North Korea's threat Wednesday to cancel a planned summit between Kim Jong Un and President Trump if the United States insists on the North giving up its nukes is the latest in a long list of broken promises between the two countries.
The statement came a day after North Korea canceled a high-level meeting with South Korean diplomats over planned U.S.-South Korea military drills. The new rift follows last month's optimistic summit between the rival Koreas where South Korean President Moon Jae-in said the North would not object to the planned exercises.
"North Korea has, on multiple occasions, offered concessions to U.S. and South Korean interests, only to renege on them with embarrassing haste," Tan wrote in The Strategy Bridge, an online military journal.
Here's a list of commitments by North Korea, and some by the U.S., that were made, retracted and revived:
1985: North Korea signed the Non-Proliferation Treaty (NPT), pledging not to obtain nuclear weapons. But the North did not complete a safeguards agreement with the United Nations' nuclear watchdog, the International Atomic Energy Agency (IAEA). In the coming years, the North said it would adhere to the safeguards provision of the treaty to the withdrawal of U.S. nuclear weapons from South Korea, according to the Arms Control Association. That happened in 1991, after the Cold War ended.
1992: North and South Korea agreed to the Joint Declaration of the Denuclearization of the Korean Peninsula. The agreement announced that neither country would "test, manufacture, produce, receive, possess, store, deploy or use nuclear weapons.' Both countries agreed to mutual inspections, but in 1993 the North, presented with evidence it was cheating, refused an inspection request by the IAEA and announced it would pull out of the NPT.
1994: North Korea again committed to implement the Joint Declaration to denuclearize the peninsula, including inspections by the IAEA. The United States promised to supply two nuclear reactors for energy, and to normalize economic and diplomatic relations, none of which ever happened. The U.S. also agreed to organize other energy assistance for the North, which it did.
1999: North Korea agrees to a moratorium on testing any long-range missiles for the duration of talks with the United States. The U.S. agrees to a partial lifting of economic sanctions on North Korea. Sanctions are lifted in June 2000, but new sanctions were also imposed in January, over North Korea's transfer of ballistic missiles and missile technology to Iran and Pakistan.
2000: Kim Jong Il tells Russia's President Vladimir Putin "we would stop developing rockets when the United States comes forward and launches our satellites." The State Department said it took the offer "very seriously," and U.S.-North Korea talks resumed. They discussed removing the North from the U.S. list of state sponsors of terrorism. That idea was nixed after al-Qaida terrorists targeted the U.S. on Sept. 11, 2001. In 2002, President George W. Bush listed North Korea with Iraq and Iran in his "Axis of Evil" speech, and cooperation broke off between the the U.S. and the North.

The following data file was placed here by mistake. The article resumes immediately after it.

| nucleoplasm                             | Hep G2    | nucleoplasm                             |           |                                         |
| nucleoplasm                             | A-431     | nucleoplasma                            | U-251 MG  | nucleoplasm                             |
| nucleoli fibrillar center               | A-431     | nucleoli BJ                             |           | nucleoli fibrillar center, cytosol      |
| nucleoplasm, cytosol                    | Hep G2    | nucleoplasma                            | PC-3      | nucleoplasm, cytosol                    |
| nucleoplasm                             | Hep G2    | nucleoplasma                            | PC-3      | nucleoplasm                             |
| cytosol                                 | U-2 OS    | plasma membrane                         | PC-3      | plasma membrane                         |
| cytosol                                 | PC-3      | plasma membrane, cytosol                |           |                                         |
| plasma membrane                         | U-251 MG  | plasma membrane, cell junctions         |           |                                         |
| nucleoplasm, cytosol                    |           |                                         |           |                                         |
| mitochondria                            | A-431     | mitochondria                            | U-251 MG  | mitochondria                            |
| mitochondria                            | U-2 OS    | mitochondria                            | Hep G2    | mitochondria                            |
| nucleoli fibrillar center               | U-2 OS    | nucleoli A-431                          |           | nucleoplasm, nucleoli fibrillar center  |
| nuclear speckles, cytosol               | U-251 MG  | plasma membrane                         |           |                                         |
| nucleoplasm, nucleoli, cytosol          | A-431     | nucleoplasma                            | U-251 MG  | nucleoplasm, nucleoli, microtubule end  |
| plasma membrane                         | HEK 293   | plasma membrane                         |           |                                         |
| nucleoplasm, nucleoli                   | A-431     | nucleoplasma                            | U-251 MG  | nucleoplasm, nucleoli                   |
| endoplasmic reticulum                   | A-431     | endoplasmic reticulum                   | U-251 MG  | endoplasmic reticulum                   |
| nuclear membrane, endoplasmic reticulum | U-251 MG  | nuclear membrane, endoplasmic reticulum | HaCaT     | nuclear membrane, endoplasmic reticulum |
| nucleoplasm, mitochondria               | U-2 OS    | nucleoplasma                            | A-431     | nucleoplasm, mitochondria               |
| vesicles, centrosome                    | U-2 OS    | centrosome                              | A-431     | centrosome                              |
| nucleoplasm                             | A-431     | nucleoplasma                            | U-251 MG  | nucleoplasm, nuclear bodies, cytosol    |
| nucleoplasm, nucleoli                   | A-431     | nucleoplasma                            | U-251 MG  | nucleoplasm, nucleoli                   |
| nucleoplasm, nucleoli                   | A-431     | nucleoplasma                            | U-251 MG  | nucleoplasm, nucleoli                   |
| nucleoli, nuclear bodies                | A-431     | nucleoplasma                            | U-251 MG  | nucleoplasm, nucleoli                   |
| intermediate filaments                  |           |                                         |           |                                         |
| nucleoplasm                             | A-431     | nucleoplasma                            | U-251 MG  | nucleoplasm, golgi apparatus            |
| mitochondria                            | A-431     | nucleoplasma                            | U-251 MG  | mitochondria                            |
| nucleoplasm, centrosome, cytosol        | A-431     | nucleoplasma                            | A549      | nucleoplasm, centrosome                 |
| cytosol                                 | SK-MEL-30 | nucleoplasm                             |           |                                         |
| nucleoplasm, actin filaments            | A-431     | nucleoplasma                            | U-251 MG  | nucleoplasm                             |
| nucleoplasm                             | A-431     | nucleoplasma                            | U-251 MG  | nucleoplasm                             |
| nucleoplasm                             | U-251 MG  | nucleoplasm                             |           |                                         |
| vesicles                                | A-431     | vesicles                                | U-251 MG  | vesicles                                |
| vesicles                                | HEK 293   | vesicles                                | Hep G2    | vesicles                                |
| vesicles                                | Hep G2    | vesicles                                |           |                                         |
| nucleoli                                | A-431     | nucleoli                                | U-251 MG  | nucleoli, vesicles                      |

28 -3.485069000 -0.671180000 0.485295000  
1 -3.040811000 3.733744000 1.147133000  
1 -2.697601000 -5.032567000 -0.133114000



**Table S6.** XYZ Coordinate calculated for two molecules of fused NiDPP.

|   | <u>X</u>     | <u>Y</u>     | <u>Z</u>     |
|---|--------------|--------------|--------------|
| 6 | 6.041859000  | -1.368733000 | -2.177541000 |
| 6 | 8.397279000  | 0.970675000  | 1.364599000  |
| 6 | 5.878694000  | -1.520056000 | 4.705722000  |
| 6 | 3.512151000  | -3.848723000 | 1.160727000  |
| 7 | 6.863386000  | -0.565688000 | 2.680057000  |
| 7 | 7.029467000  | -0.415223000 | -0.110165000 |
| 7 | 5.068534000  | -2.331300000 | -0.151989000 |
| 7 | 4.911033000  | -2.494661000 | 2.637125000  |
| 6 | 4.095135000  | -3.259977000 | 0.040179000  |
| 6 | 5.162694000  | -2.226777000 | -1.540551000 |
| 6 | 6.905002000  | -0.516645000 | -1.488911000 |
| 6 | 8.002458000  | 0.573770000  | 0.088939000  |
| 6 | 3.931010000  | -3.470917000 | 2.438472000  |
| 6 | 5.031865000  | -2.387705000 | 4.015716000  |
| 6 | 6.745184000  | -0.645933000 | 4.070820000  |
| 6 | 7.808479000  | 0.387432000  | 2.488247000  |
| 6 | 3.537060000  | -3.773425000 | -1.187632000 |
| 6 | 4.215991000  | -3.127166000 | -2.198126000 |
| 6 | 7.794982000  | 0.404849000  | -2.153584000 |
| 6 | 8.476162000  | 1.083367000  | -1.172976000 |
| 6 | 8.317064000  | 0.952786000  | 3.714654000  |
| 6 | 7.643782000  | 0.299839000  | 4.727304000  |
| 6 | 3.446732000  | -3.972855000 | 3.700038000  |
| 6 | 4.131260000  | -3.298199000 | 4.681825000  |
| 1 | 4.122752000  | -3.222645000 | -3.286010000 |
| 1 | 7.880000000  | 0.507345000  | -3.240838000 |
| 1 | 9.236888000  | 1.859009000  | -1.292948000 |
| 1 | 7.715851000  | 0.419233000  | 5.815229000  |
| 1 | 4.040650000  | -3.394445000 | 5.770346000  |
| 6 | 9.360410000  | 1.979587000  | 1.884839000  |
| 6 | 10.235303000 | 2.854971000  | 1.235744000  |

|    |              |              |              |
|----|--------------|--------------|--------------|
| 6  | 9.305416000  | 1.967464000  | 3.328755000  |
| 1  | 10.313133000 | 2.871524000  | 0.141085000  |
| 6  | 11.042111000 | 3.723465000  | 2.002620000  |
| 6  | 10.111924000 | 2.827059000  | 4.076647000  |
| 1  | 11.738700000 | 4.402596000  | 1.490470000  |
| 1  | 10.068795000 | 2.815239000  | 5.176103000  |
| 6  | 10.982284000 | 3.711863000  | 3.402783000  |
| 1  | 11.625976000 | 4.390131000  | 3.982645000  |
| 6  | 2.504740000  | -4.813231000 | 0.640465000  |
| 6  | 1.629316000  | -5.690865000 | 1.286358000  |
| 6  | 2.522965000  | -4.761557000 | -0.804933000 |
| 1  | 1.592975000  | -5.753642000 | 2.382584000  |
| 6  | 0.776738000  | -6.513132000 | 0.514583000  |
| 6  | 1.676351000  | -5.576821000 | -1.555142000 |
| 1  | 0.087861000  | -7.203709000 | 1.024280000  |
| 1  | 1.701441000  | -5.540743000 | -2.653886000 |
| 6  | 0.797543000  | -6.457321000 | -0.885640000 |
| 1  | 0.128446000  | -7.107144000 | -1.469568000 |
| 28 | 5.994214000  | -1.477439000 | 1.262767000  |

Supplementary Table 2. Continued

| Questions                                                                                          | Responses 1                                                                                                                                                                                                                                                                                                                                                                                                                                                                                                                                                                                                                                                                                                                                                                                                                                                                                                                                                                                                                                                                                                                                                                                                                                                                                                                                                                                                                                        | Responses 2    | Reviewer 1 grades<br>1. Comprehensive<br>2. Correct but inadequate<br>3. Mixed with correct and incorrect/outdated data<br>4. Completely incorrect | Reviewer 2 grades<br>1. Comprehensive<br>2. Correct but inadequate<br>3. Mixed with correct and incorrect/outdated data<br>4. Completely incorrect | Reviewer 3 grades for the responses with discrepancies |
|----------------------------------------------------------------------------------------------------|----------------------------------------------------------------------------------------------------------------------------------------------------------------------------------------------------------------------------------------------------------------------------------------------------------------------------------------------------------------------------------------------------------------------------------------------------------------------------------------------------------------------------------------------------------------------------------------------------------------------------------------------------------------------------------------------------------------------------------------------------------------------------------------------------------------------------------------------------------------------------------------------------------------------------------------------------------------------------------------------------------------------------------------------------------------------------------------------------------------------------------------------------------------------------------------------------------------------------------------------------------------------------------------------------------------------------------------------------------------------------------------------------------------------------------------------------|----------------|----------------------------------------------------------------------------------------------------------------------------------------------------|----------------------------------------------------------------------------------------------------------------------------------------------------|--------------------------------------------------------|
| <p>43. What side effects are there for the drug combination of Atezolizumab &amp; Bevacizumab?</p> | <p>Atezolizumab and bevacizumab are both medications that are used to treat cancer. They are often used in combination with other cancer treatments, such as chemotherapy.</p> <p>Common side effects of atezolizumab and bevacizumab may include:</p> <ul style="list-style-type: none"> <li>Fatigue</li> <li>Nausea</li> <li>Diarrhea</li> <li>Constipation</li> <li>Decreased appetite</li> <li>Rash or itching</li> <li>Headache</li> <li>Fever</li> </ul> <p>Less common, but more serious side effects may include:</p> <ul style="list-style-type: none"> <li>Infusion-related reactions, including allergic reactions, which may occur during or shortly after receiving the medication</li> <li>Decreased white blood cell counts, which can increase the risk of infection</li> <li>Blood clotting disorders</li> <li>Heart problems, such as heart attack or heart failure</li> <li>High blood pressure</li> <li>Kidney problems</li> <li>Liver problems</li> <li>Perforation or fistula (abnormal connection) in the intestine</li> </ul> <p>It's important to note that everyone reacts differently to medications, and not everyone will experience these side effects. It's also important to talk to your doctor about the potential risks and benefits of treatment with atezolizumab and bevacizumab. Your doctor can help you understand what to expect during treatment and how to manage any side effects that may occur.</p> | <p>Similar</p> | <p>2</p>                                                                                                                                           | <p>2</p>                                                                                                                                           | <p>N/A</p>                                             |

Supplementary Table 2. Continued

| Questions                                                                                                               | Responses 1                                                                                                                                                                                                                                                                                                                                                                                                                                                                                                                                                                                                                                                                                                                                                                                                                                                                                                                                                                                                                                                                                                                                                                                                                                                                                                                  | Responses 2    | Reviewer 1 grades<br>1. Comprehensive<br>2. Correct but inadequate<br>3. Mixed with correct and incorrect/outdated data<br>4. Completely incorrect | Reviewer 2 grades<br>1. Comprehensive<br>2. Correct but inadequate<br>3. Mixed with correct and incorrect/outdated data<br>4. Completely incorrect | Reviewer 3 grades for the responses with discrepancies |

2003: North Korea pulled out of the non-proliferation of nuclear weapons treaty.
2005: The North committed again to abandon all nuclear weapons and existing nuclear programs and to return to the NPT and to allow IAEA inspections. The North and the United States again agreed to take steps to normalize relations, and for the U.S. to provide energy assistance and begin the process of removing the North from its terror list. The U.S. provided the energy assistance it promised by 2008, but the other two goals have yet to happen. The next year, on Oct. 9, 2006, North Korea conducted an underground test of its first nuclear weapon.
2009: North Korea says it has "already weaponized" its nuclear fuel. Responding to the latest round of U.N. sanctions over its ongoing missile program, the North pulls out of the Six Party Talks with the U.S., China, Russia, Japan and South Korea, and says it "will no longer be bound' by any agreements reached. North Korea conducted its second underground nuclear test.
2012: North Korea discussed denuclearization in the context of the U.S. making a "bold and fundamental change' in policy toward North Korea. Kim sought to "open up a new chapter for the development of relations with the countries friendly toward us, unbound to the past,' the foreign ministry said. If the North is faced with ongoing "U.S. hostile policy,' that would result "in further expanding and building up of the (North's) nuclear arsenal,' it said.
The statement showed North Korea trying "to engage with the United States on peace talks rather than on nuclear talks,' Scott Snyder, an analyst at the Council on Foreign Relations, wrote at the time.
2018: After meeting with South Korean President Moon and releasing three American detainees last week, North Korea agreed to a meeting with Trump on June 12 in Singapore to discuss the nuclear issue.
A week later, a North Korean official announced on the country's official KCNA news channel that meeting may be nixed if it is going to be pushed into giving up its nuclear arsenal.
If the Trump administration pressures Pyongyang to unilaterally abandon its nuclear weapons, North Korea would have to reconsider the summit, Vice Foreign Minister Kim Kye Gwan said in a statement.
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